Hard to believe I started blogging seven years ago this week. I have not been a prolific writer but that has not stopped my writing from meandering all over the place (just like this post will likely do). I have written about school events, personal technology discoveries, thoughts about the direction of education in general, my dogs and my addiction to golf. In the early days I tried to blog at least once a week, sometimes it was more, many times it was less. I started mainly to motivate my staff to use the proliferating collection of Web 2.0 tools that were revolutionizing the use of the Internet for educational purposes. I was convinced that the participatory web was going to change the student experience in schools everywhere. It did change the learning environment at Paris High School, but not in the way I had first envisioned it would. I believed, and still do believe, that public education must become a place where students explore their interests with caring adults available to guide their journey. The model of the teacher being the expert and the ultimate authority on a subject is now obsolete. If the teacher as the center of learning is a legitimate learning model, then the Internet can replace the teacher in that model because it can dispense information much more efficiently and at a pace that each student can follow independently. Today, a teacher needs to be the caring motivator that coaches learning with a meaningful presence. That cannot be replaced by a networked computer. One of the biggest obstacles to real meaningful change brought about by the connectivity of modern technology is the national movement to measure student learning and attach that measure to some empirical value that each teacher adds to a student’s learning experience. The value added model (VAM) is forcing teachers to teach to strict curriculum guidelines that takes away the value that the participatory web could add to the learning experience.
I have stopped writing here as often as I used to for several reasons. Chief among them is that I have two children, a senior and a junior, that attend the school where I serve as lead administrator and their activities keep me busy! Another reason writing has slowed down here is that I have been involved in a building project for the past three years. We have campaigned for a referendum, designed (then redesigned) a building, and for the past year have been involved in overseeing the construction of said building (it will be done early next year!). By the way, we are going to have an amazing building that is designed for student centered learning! I have also slowed my writing here because my use of social media has, for lack of a better word, matured. For a period of time I was writing and using Twitter for personal recognition. Not that I was seeking fame, but I was very aware when I had a post here that was being read by a lot of people. I got caught up in promoting my blog on Twitter and pursuing a following. I wrote regularly (kind of) for the Connected Principal’s Blog and promoted my web presence. My blog was cited in a college text and my tweets were being followed by thousands of people, and even though my professional use of social media has really slowed, my reputation some how made me one of ten secondary principals that were nominated for the 2014 Bammy Awards (which I refused to campaign for). Somewhere along the line I realized that my reasons for participating in the virtual world of educational learning networks had become very selfish. I changed my Twitter handle and quit promoting myself on social media (for the most part). The personality that I had become pretty much disappeared for the cited reasons. I still blog, tweet and communicate with my colleagues online because I believe that it is important for a school leader to be plugged into the latest in educational thoughts and practice. The participatory web makes that available all the time. I find that it is better for me to spend my away from administrative tasks in classrooms and in the hallways with the students. AND you know what? I have had a lot more job satisfaction in the past year because of my renewed focus!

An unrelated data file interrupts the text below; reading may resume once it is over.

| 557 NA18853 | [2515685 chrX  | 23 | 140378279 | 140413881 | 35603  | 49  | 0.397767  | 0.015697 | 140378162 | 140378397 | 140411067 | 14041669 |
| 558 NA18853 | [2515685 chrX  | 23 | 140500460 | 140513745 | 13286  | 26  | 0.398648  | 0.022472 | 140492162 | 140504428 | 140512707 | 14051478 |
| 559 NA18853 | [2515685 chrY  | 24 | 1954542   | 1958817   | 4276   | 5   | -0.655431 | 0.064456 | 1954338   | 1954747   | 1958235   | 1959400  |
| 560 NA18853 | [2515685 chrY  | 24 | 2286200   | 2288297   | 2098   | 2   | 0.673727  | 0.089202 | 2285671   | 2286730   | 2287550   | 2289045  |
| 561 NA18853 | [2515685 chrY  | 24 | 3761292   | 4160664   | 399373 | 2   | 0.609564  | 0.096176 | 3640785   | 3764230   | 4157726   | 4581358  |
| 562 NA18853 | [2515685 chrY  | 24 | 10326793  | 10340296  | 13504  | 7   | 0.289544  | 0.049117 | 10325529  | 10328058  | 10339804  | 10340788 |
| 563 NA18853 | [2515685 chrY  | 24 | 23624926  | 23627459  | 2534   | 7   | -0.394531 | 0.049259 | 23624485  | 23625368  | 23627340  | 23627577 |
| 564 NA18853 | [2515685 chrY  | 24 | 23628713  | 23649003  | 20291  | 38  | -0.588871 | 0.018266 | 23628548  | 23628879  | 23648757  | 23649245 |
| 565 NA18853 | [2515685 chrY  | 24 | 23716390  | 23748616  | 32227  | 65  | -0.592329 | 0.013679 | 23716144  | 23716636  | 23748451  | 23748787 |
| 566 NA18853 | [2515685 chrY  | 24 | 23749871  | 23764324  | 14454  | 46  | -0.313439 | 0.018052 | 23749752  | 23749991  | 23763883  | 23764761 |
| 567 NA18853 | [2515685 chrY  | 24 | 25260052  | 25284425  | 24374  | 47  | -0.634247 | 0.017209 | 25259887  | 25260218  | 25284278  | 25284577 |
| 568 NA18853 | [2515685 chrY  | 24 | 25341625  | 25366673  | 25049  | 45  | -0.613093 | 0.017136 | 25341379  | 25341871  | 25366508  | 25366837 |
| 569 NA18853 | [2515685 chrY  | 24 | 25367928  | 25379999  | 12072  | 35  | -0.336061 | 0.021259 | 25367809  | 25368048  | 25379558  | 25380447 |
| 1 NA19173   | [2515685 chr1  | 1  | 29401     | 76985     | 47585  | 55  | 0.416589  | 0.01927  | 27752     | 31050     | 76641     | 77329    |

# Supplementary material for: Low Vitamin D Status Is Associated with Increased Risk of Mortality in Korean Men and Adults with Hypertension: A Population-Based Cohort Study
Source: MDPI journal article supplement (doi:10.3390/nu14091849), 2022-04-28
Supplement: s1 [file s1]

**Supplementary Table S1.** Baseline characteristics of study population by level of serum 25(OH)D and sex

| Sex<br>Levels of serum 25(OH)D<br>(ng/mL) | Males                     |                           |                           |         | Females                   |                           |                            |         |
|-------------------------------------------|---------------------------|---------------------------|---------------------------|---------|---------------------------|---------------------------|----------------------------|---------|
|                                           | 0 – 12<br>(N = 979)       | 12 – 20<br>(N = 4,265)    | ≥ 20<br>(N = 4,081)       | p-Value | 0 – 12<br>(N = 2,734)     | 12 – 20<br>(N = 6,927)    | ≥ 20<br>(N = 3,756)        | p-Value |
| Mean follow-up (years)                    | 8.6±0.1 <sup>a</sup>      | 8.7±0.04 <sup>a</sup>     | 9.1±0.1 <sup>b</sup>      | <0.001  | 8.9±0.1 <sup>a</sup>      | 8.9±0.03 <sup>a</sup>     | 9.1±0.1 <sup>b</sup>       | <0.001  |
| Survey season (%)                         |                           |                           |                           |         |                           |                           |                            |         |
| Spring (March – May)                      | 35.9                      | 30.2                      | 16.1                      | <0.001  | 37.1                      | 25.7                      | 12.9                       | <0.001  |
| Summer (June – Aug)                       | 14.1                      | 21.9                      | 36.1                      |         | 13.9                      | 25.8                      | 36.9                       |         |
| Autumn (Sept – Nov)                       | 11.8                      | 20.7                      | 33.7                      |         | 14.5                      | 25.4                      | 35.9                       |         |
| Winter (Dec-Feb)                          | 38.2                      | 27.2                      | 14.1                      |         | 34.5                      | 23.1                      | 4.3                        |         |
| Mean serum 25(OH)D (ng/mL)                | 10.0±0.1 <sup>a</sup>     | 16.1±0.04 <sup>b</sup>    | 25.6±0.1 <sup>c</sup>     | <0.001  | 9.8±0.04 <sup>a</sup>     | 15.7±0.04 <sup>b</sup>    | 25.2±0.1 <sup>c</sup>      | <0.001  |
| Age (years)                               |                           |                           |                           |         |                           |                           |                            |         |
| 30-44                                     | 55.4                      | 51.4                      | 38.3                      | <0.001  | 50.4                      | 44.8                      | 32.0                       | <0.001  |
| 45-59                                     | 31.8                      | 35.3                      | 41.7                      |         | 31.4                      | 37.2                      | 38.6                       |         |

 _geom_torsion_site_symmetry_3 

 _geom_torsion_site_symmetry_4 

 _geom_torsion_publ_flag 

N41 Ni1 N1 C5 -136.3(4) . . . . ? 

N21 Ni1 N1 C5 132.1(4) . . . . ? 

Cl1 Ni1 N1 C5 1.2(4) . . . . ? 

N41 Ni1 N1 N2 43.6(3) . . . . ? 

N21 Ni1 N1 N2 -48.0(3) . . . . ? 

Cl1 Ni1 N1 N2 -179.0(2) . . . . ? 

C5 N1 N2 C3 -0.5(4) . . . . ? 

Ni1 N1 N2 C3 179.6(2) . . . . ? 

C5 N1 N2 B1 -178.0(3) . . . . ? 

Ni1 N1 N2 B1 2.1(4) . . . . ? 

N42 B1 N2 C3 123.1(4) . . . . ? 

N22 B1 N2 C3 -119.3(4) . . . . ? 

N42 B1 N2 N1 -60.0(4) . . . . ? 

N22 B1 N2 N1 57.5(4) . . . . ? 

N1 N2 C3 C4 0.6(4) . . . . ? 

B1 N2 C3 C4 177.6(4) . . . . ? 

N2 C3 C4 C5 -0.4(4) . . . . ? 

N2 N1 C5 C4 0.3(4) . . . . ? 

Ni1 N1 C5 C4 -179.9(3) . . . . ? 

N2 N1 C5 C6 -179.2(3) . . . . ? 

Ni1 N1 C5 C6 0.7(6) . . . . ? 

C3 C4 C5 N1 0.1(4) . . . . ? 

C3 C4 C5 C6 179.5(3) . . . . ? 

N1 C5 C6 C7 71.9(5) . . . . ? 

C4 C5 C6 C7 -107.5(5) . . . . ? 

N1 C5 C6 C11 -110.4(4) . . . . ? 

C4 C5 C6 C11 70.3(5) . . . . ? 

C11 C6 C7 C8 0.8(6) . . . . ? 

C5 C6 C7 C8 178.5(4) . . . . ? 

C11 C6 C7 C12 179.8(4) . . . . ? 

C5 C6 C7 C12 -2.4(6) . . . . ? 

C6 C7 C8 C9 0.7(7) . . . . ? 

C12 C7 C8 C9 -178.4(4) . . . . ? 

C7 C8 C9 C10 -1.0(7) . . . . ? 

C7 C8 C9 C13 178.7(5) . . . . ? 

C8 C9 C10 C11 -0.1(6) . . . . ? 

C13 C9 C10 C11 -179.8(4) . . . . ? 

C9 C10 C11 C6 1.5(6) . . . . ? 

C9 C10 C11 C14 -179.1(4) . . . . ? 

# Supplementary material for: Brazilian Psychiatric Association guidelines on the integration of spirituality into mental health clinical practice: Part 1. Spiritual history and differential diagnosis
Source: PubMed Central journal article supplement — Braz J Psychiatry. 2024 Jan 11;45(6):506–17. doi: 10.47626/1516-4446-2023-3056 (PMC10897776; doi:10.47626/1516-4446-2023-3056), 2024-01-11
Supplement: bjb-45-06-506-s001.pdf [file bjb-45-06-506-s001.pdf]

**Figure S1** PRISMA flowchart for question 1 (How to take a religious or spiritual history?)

Anyway, for those of you still reading (hi Mom!) I still value what I have gained from blogging and find that it is still a very important way to reflect and share what I have learned. Here is to another seven years. Happy Blogaversary PHS Director’s BLOG!